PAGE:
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Teens who abuse drugs may have a greater risk of developing an addiction when they are adults.
It’s important to know the difference between drug abuse and addiction. Many teens experiment with drugs but aren’t addicted.
Teen drug abuse can have long-term cognitive and behavioral effects since the teenage brain is still developing.
Recognition and prevention of drug use can end an emerging problem before it starts. Setting a good example and having talks about drug use can aid in teenage substance abuse prevention.
The warning signs used to determine if a teen or adolescent may have a substance use disorder are listed by Dr. Ashish Bhatt, MD.View All Videos
Half of all new drug users are under the age of 18. Experimentation plays the biggest role in teenage drug use. However, experimentation is a fact of life — and just because a teen has tried drugs or alcohol doesn’t mean they will become an addict. It’s more important to understand why some teens are tempted to experiment in the first place.
Common reasons teens abuse drugs include:
The majority of adults with an addiction first experimented with drugs before they turned 21. The good news is that the rates of teenage drug abuse have been declining. If you think your teen is using drugs, there are teen addiction treatment options available.
There are many signs that a teen is using drugs. It can be difficult to tell the difference between the pangs of adolescence and actual drug use, but parents can be proactive in talking to their teen to find out what’s going on.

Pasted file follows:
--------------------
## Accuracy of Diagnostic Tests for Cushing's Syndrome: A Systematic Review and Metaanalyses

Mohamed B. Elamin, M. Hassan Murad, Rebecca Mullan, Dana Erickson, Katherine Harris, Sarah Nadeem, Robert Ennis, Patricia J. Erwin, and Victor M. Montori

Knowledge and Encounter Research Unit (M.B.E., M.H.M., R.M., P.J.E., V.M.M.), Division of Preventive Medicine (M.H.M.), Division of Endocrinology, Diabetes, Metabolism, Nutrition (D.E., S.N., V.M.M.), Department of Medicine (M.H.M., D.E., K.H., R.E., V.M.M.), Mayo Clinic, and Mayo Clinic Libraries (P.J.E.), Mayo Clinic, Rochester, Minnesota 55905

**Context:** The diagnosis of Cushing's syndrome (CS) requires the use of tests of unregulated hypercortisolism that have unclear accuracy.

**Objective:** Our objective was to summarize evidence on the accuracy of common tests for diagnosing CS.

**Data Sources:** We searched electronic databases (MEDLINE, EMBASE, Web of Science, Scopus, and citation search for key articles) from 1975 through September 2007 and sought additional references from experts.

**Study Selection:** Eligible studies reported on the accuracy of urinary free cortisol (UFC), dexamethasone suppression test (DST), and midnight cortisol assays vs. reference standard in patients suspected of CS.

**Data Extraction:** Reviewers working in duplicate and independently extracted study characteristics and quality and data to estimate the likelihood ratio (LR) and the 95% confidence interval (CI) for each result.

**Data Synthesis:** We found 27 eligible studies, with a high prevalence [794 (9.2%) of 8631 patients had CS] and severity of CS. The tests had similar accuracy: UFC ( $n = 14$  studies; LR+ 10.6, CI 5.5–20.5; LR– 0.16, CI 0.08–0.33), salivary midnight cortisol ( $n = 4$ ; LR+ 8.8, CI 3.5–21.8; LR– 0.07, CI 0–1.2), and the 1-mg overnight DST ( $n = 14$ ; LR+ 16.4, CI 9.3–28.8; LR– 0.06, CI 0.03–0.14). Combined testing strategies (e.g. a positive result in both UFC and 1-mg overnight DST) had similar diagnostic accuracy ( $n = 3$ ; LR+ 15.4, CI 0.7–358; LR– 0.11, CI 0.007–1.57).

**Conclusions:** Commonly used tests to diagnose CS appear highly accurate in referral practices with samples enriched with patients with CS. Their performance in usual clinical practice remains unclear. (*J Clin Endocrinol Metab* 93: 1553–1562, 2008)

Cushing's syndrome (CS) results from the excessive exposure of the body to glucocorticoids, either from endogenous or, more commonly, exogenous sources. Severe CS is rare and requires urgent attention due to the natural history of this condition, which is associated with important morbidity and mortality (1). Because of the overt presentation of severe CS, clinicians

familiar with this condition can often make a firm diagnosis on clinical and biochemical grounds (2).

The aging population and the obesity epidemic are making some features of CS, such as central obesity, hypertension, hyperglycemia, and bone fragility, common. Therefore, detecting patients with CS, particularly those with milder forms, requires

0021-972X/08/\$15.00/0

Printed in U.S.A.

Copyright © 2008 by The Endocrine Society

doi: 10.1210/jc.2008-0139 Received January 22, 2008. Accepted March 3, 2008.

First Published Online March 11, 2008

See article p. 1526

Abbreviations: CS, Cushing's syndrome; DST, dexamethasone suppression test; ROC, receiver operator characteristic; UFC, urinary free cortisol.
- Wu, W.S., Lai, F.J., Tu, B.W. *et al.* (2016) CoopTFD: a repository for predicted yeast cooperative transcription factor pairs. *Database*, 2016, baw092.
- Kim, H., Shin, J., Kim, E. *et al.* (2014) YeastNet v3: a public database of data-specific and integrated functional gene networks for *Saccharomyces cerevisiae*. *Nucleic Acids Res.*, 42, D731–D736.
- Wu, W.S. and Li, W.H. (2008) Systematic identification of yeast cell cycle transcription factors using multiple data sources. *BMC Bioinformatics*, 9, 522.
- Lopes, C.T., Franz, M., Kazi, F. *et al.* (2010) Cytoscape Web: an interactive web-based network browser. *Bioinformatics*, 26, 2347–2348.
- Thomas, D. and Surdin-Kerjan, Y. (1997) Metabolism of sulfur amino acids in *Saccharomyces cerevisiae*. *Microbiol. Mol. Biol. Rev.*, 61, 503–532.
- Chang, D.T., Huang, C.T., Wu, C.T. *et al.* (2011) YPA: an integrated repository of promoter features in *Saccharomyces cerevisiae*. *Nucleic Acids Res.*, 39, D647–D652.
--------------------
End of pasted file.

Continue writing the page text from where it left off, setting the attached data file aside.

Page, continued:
Some common signs of teen drug abuse include:
It’s up to parents to initiate a conversation with their children if they suspect drug use. One in five parents who suspects their teen is using drugs does not intervene to prevent further drug use.
The best way to get a teen to communicate about their drug use is by asking compassionate and understanding questions.
Parents can ask straightforward questions in a nonthreatening tone. Simply asking the question “Have you been using drugs or alcohol?” or “Has anyone offered you drugs recently?” can be enough to get the conversation started.
Responding to a teen’s admission or denial of drug use in the right away is just as important as asking the right questions.
Parents shouldn’t overreact if their teen comes clean about using drugs. Overreacting or lashing out can prevent a teen from opening up about their experience. Getting teens to talk is important in determining if their drug use was a one-time thing or if it’s becoming a problem.
Parents should explain how they care about their child and their child’s future. Teens who feel supported and loved are also more likely to stop experimenting with drugs or seek help if they have an addiction.
Naturally, there is a possibility that teens may lie about their drug use. Parents should reassure their child that they are concerned and want to help.
If a teen continues denying using drugs but the parent still suspects untruthfulness, a home drug test can uncover a teen drug problem. Therapists, pediatricians, and addiction specialists can also help uncover a teen drug problem.
Call a treatment provider for more information on treating teen addiction.
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The drugs most commonly abused by teens aren’t much different from those abused by adults. But the reasons for abuse may be different, as teens often abuse a substance based on its accessibility. Teens are also more likely to take excessive amounts of drugs and alcohol because of how they perceive the risks and dangers associated with use.